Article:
Printing 'too much money' fuelled high inflation, blasts Mervyn King

Printing ‘too much money’ fuelled high inflation, blasts former Bank of England Governor Mervyn King

The Bank of England came under fresh fire yesterday for failing to tackle inflation.

Former governor Lord King said the central bank printed ‘too much money’ during the pandemic through quantitative easing – pushing prices higher.

And David Miles, a former member of the Bank’s monetary policy committee who now works for the Government’s budget watchdog, said it was a ‘mistake’ not to get to grips with inflation earlier. 

Former governor Lord King said the central bank printed 'too much money' during the pandemic through quantitative easing – pushing prices higher

Former governor Lord King said the central bank printed ‘too much money’ during the pandemic through quantitative easing – pushing prices higher 

Despite inflation rising above the 2 per cent target in May 2021, the Bank did not start hiking interest rates until December. 

Inflation is now at a 41-year high of 11.1 per cent despite rates rising from 0.1 per cent to 3 per cent.

Referring to the impact of the pandemic on economic output, King said: ‘Covid gave us too few goods. 

And central banks gave us too much money. And so we have too much money chasing too few goods.

‘And if you’re old enough, you know the textbooks from the 50s and 60s would have told you that’s what gives you inflation.’ 

Miles, a key figure at the Office for Budget Responsibility, said the Bank should have ended its money printing programme or raised interest rates sooner.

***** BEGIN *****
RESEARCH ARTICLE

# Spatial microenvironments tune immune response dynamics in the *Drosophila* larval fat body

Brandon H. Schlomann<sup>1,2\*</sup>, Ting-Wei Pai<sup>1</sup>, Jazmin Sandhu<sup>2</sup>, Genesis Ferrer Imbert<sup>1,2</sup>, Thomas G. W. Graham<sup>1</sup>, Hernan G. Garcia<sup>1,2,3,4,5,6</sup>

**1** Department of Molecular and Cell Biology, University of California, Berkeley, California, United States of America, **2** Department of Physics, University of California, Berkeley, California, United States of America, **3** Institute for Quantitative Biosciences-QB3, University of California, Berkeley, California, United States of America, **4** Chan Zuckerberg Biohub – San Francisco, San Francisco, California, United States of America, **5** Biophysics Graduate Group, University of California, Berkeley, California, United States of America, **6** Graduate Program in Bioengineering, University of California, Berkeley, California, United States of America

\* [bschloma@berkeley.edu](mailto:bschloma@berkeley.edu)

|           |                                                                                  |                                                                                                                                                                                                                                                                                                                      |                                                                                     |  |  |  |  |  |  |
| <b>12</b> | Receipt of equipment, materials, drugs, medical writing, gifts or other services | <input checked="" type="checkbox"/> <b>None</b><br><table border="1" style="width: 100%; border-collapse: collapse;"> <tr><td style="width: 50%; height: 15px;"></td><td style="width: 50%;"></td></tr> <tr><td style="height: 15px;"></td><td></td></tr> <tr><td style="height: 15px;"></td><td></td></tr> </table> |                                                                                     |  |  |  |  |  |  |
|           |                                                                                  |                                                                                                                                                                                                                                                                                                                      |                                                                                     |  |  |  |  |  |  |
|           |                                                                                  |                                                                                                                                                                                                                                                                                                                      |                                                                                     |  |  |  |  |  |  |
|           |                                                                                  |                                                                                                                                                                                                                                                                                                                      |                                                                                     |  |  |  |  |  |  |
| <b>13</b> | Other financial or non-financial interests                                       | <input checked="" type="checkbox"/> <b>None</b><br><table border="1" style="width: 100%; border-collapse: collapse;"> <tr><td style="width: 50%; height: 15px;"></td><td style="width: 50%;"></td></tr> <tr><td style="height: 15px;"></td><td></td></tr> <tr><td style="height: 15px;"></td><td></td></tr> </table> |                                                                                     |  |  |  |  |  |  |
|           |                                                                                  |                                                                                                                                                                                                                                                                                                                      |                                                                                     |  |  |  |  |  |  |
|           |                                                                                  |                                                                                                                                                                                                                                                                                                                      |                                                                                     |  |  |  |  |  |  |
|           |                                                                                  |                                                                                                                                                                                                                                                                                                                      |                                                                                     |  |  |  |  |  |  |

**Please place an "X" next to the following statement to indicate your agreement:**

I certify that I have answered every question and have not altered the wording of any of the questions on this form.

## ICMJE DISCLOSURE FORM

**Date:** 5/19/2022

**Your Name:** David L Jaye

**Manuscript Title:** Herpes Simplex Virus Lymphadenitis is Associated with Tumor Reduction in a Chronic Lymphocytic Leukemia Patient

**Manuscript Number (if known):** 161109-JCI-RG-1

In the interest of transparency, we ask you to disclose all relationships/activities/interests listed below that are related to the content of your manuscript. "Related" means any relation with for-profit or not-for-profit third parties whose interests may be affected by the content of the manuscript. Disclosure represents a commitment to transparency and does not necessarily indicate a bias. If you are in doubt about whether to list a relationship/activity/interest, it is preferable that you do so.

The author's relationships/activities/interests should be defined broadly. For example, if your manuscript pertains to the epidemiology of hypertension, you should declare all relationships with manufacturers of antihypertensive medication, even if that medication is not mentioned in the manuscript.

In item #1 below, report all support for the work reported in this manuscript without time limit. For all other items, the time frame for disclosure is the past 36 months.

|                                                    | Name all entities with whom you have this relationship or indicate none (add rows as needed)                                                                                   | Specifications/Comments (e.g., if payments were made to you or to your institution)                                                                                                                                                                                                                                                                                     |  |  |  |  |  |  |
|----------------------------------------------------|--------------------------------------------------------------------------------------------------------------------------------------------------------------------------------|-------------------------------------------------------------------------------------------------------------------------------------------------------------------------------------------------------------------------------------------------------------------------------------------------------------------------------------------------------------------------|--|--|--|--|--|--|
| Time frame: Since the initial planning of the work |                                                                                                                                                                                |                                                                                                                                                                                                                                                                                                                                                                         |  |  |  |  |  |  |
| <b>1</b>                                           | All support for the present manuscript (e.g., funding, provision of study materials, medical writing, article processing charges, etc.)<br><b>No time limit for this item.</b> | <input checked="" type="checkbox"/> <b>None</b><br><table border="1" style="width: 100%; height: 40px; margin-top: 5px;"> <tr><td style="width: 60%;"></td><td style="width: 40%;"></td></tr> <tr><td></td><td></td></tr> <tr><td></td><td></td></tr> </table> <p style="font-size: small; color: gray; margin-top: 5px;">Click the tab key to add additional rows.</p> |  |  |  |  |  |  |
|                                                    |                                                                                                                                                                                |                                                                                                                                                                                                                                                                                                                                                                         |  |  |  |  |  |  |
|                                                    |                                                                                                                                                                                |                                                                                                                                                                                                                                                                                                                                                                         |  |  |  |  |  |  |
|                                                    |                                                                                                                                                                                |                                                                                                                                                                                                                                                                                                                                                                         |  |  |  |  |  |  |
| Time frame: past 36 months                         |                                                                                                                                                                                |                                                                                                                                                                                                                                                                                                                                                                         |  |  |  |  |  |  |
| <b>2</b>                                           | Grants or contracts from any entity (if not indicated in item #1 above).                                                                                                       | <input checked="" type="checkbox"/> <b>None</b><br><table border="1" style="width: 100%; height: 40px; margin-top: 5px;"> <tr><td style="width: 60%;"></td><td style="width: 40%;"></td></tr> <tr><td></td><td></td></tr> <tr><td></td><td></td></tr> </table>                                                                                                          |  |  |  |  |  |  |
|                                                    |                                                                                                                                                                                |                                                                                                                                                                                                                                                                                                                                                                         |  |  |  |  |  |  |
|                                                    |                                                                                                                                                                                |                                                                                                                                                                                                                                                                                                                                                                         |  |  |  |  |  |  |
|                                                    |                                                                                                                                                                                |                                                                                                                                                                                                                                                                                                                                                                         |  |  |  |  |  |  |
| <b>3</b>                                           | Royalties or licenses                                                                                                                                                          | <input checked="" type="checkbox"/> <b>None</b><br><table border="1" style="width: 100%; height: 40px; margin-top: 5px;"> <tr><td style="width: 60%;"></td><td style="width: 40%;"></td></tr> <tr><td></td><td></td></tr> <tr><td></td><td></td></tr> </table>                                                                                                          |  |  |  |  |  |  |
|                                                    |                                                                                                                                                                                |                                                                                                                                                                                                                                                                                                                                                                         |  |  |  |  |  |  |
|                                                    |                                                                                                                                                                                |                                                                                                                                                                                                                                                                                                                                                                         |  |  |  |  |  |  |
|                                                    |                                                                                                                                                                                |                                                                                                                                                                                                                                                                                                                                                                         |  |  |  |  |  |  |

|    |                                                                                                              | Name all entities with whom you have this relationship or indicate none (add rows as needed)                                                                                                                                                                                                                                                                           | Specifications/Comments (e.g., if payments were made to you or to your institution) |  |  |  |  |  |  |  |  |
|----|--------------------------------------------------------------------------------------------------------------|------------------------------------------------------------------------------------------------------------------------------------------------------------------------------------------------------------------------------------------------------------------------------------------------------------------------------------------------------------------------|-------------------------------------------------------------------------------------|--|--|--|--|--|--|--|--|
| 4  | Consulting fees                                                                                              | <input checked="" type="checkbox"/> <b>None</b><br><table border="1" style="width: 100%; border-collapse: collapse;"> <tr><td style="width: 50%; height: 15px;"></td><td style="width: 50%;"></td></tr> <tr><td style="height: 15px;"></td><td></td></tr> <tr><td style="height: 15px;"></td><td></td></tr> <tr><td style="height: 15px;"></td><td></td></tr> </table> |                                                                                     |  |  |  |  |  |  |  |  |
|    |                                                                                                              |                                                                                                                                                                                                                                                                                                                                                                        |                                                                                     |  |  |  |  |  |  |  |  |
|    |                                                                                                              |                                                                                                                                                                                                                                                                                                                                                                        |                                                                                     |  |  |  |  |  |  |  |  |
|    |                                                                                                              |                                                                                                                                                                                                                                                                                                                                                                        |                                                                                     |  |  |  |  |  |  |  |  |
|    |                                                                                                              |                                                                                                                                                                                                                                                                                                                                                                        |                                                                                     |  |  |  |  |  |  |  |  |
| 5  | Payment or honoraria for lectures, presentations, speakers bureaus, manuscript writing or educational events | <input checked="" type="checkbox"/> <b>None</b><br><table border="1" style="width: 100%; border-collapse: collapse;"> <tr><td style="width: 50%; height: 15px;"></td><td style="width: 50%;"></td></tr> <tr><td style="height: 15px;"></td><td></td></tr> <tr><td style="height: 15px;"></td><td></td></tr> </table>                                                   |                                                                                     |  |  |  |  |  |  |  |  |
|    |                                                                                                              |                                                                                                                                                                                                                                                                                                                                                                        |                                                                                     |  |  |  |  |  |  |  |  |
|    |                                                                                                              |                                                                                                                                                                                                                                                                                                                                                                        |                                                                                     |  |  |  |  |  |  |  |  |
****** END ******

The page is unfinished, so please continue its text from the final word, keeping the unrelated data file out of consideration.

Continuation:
He told MPs on the Treasury select committee: ‘That aspect of not having tightened policy, or in fact loosening policy on such a scale in 2021, I think could legitimately be described as a policy error. That’s a policy mistake.’

After the Autumn Statement it emerged that Britain will have the highest debt burden of any major economy after the real cost of a decades-long borrowing binge was laid bare in Chancellor Jeremy Hunt’s Budget.

Hunt sanctioned a punishing package of tax rises and spending cuts to bring underlying debt as a proportion of national income down after three years in a move designed to reassure jittery financial markets.

But the total cost of servicing the Government’s £2.4trillion debt pile is set to hit an eye-watering £584billion over the next six years – or almost four times the annual budget of the National Health Service.

What does Hunt’s tax raid Autumn Statement mean for you? 

In a blizzard of hikes – through threshold drops and stealth tax freezes – Hunt worked his way through a painful Autumn Statement, where good news was thin on the ground.

The silver linings came from the government sticking by the pension triple lock and uprating benefits by inflation but the focus was on painful years ahead.

Was this the right move? Why did Hunt feel the need to inflict tax pain – and spending cuts later on?

How did we go from Rishi Sunak as Chancellor with a margin to hit his fiscal rules to Rishi as Prime Minister with a fiscal black hole?

Georgie Frost and Simon Lambert discuss these questions and more and look at what the Autumn Statement means for people’ finances on this podcast.

How much more tax will you pay?

How much will your energy bills rise by?

Who came out best and who came out worst?

Press play to listen on the player above, or listen at Apple Podcasts,  Audioboom, YouTube and Spotify or visit our This is Money Podcast page.